Fructose and Inflammatory Bowel Disease

A new study conducted on mice has suggested that a diet that is high in the sugar fructose exacerbates inflammatory bowel disease (IBD). It appears that changes in gut bacteria mediate the effect.

IBD is an overall term for a variety of conditions that feature chronic inflammation of the digestive system. The two most common types are Crohn’s Disease and ulcerative colitis. Symptoms of IBD include stomach pain, persistent diarrhea, bloody stools or rectal bleeding, fatigue and unexplained weight loss.

The CDC reports that the number of adults who receive an IBD diagnosis every year in the U. S. has increased from 2 million in the year 1999 to 3 million in 2015.

Earlier research in animals found that a diet which is high in fructose can damage the colon and also lead to inflammation. This suggests that a higher intake of fructose may be a reason for the increased incidence of IBD in recent years.

Population studies have not always indicated a link between refined sugar intake and IBD. One large study did not find an association between any specific dietary pattern and IBD although the results did show that a diet which is high in soft drinks and sugar did increase the risk of a person developing ulcerative colitis in cases where intake of vegetables was low.

High fructose corn syrup is added to candy, baked goods, sodas and other processed foods by manufacturers of these products. Consumption of fructose has increased by nearly one-third in the U.S. over the last 30 years according to estimates. The increase in IBD parallels the higher levels of the consumption of fructose not only in the U. S. but other countries as well.

The team involved in the recent study set out to investigate whether fructose exacerbates inflammation in mouse models with IBD. They additionally tested the idea that changes in the microbiota in the gut mediate the inflammatory effects of consuming fructose.

The team’s findings have provided evidence of a direct association between IBD and dietary fructose which support the idea that the high consumption of fructose could exacerbate the disease in people who have IBD. This is especially relevant because the potential exists in providing people with IBD guidance on diet choices.

The team performed a variety of experiments with the goal of investigating which effects a diet high in fructose could have on three different mouse models with IBD.

The first model which used a chemical known as dextran sodium sulfate which provokes the type of inflammatory response which will occur in IBD, showed that the a high fructose diet did increase the severity of this inflammation. However in contrast, a high glucose diet did not increase this inflammation.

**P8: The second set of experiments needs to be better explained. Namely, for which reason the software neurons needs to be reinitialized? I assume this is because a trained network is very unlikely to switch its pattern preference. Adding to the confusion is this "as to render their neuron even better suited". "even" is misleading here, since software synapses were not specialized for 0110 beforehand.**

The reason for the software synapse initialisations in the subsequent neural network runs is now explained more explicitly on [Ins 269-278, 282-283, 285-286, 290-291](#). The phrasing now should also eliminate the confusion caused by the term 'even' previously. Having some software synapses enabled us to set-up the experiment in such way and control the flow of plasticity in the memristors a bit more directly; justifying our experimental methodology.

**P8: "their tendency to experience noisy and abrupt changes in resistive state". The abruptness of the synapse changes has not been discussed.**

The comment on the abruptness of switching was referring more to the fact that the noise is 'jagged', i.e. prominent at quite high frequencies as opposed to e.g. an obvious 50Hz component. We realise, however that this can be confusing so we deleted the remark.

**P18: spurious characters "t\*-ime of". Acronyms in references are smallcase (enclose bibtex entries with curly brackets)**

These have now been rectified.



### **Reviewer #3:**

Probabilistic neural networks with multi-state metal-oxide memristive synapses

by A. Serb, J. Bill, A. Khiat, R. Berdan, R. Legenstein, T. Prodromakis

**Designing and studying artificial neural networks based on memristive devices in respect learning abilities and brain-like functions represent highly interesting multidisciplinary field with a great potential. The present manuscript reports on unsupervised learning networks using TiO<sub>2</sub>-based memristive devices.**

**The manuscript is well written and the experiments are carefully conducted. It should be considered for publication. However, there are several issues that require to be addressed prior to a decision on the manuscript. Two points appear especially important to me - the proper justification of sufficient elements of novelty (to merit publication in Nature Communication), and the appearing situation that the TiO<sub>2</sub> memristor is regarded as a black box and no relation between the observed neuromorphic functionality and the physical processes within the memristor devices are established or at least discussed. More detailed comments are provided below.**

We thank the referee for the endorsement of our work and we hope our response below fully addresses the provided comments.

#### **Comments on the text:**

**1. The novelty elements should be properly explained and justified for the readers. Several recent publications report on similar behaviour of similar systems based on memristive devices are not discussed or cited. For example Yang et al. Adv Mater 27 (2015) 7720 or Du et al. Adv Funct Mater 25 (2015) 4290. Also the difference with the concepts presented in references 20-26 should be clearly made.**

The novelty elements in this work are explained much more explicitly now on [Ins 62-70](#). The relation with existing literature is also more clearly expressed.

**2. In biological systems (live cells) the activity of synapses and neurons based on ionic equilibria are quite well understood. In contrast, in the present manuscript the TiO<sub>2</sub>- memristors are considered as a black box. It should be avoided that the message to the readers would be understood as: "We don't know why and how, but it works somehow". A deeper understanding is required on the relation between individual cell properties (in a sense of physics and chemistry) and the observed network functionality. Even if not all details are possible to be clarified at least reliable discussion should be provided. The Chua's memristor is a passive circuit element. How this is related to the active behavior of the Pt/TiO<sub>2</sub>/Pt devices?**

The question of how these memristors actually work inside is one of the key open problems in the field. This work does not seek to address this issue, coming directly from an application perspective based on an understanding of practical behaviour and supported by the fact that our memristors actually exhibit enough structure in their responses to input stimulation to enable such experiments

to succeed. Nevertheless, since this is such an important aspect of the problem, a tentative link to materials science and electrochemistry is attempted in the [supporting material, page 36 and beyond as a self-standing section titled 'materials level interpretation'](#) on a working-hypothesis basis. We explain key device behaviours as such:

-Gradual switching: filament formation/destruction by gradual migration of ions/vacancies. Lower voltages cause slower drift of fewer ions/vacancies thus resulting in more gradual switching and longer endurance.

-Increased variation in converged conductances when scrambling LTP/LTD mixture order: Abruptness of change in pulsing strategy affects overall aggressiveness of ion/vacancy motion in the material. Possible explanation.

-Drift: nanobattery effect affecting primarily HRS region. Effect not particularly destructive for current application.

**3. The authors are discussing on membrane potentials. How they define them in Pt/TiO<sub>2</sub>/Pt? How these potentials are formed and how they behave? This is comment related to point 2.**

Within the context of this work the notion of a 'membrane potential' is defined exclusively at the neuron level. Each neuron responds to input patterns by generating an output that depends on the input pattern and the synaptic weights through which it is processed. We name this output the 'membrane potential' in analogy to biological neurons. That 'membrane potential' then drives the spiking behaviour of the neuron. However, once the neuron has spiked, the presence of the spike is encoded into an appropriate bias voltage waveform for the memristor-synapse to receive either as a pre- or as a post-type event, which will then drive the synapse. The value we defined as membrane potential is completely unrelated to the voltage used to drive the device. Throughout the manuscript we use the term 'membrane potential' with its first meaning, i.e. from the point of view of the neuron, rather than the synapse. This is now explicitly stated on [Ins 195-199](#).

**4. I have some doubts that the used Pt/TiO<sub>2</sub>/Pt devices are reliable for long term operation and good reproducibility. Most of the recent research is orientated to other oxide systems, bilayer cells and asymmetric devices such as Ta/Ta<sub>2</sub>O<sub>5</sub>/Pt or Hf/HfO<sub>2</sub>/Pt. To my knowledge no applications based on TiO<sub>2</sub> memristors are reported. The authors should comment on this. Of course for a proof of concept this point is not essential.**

The team also noted that giving antibiotics to the mice reduced the damaging effects of a diet high in fructose on the colon. This suggests that bacteria found in the gut were mediating the harmful effects.

In contract, transplants of fecal material obtained from mice that had been fed the high fructose diet increased inflammation in the mice who had received them. This shows additional evidence of the role gut bacteria play in IBD.

When the team looked more closely at the mucus layer which protects the cells that line the colon, they discovered that the diet high in fructose reduced the thickness by almost one-fifth. Bacteria infiltrated the mucus and became in direct contact with the cells.

They also found that the diet changed the prevalence of a variety of species of bacteria that live in the gut. It boosted the population of a species known as Akkermansia muciniphila. In earlier studies, researchers have shown that this particular species has the ability to degrade mucus and that it is associated with inflammation in the colon.

The second model of IBD used in the experiments involved infecting the mice with a bacterium known as Citrobacter rodentium which also provokes the inflammation found in IBD. These mice were fed high amounts of fructose which worsened the inflammation and also promoted the growth of the bacteria.

The team confirmed the association between IBD and fructose in a genetic model of this disease. This particular model recreates a type of immune response that has the ability to make some people with IBD more likely to develop inflammation in the colon. Once again, consumption of high amounts of fructose increased the inflammation of the colon in these mice.

Researchers say the next step is to conduct more studies on whether people with IBD are at an increased risk of developing colon cancer due to a lifetime of chronic inflammation of the gut. They also plan on developing interventions to help prevent the pro-inflammatory effects dietary fructose.

To view the original scientific study click below

Dietary Fructose Alters the Composition, Localization and Metabolism of Gut Microbiota in Association with Worsening Colitis